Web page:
Our job is emotionally expensive, and we all want to give our all so that the animals we care for have the best lives possible.  We want to go out of our way for guests to ensure that they leave our zoo or aquarium excited to help animals in their own backyard (and beyond).  An outsider thinks all we do is play with animals all day, but we know how much work it takes to do our job well.  It's important to find ways of decompressing, ways of disconnecting so you can recharge and come back the next day ready to rock.  Or, at the very least, don't judge yourself (or your coworkers) for finding a quiet moment to zone out, even if it's when they're supposed to be filling in records.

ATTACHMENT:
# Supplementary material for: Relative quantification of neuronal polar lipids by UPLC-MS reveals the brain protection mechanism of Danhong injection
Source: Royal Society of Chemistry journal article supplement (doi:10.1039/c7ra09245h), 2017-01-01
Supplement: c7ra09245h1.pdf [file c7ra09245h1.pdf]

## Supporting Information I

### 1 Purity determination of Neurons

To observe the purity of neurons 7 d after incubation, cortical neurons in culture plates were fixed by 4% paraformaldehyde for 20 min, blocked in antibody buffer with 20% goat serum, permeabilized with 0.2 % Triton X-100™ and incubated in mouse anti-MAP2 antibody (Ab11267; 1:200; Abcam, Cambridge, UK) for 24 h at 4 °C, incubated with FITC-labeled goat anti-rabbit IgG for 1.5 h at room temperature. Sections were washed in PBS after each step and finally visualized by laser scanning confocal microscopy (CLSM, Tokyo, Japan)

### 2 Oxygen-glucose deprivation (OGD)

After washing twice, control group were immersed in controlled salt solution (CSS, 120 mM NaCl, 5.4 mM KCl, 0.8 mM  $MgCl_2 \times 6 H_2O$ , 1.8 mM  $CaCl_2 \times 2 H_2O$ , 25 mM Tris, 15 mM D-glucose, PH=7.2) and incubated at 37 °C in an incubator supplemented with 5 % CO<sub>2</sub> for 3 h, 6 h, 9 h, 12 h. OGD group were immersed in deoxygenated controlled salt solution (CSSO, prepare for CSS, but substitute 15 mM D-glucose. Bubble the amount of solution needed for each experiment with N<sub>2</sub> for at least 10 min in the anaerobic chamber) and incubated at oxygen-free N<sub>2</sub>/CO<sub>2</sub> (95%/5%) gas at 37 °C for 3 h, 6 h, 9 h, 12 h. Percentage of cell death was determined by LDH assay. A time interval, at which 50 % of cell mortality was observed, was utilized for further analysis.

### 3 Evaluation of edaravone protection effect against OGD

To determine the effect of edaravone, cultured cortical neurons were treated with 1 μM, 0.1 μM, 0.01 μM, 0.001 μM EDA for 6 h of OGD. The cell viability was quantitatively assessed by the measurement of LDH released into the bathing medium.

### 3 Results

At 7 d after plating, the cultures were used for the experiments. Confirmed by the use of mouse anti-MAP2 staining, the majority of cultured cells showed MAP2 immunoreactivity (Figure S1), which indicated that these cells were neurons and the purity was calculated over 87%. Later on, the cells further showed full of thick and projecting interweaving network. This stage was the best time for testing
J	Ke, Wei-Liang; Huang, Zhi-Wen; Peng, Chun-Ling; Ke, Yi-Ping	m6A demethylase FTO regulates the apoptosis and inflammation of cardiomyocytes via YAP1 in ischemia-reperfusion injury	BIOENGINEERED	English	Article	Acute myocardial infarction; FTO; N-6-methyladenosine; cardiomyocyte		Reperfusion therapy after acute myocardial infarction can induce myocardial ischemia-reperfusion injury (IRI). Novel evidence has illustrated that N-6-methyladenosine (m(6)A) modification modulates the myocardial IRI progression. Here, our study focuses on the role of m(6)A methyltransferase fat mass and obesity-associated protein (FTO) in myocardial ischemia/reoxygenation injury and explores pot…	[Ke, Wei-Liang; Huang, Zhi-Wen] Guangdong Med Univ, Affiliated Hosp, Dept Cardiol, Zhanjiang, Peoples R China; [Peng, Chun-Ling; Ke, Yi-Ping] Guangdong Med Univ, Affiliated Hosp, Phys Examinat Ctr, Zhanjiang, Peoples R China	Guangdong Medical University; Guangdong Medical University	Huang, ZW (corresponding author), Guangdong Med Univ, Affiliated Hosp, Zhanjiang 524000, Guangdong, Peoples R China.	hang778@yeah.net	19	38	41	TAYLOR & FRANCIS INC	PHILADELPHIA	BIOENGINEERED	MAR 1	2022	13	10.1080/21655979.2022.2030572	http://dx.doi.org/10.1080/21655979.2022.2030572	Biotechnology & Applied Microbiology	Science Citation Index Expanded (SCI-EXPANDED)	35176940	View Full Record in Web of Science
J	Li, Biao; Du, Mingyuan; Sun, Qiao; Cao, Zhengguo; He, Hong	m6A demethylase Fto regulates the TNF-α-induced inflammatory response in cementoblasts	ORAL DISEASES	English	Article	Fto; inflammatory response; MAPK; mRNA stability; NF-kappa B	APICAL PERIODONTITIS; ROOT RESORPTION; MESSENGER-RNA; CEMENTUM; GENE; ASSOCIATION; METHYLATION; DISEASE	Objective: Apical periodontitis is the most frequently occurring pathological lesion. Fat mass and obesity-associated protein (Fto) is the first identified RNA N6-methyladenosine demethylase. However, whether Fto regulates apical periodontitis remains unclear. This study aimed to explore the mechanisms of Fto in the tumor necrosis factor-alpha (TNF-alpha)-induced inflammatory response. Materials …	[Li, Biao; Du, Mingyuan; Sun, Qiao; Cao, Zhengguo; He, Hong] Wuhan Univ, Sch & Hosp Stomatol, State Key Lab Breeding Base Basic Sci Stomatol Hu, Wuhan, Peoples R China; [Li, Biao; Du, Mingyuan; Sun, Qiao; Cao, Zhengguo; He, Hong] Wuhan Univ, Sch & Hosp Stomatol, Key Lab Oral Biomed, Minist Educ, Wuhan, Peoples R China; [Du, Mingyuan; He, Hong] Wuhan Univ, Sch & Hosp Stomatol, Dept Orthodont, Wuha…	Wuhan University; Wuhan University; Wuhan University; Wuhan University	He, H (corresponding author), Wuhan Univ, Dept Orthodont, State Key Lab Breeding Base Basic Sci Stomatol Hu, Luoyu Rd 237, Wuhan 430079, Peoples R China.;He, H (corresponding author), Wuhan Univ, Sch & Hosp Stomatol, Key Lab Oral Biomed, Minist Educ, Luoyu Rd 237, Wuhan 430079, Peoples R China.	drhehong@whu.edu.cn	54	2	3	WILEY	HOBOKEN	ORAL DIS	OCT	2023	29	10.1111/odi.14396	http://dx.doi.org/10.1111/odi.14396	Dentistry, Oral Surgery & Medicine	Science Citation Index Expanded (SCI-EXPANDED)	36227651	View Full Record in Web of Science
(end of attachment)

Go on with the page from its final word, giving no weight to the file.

1. Sorry to go anon here. I have none "comment as" selections. I agree with you wholeheartedly here, I am a zoo worker myself. Makes me giggle though that the start of this was the food service industry people have it worse than neurosurgeons, apparently. And then your bit here about being a zookeeper, and all I can think of is my job. I am the food industry of a zoo. Animal nutrition. I have the worst of both worlds I guess. :)

  2. loving this. your post made my day. that's really cool, mingling with animals. i love reading people real experience. actually, i'm currently proposing a research proposal relating to zookeepers and stress :)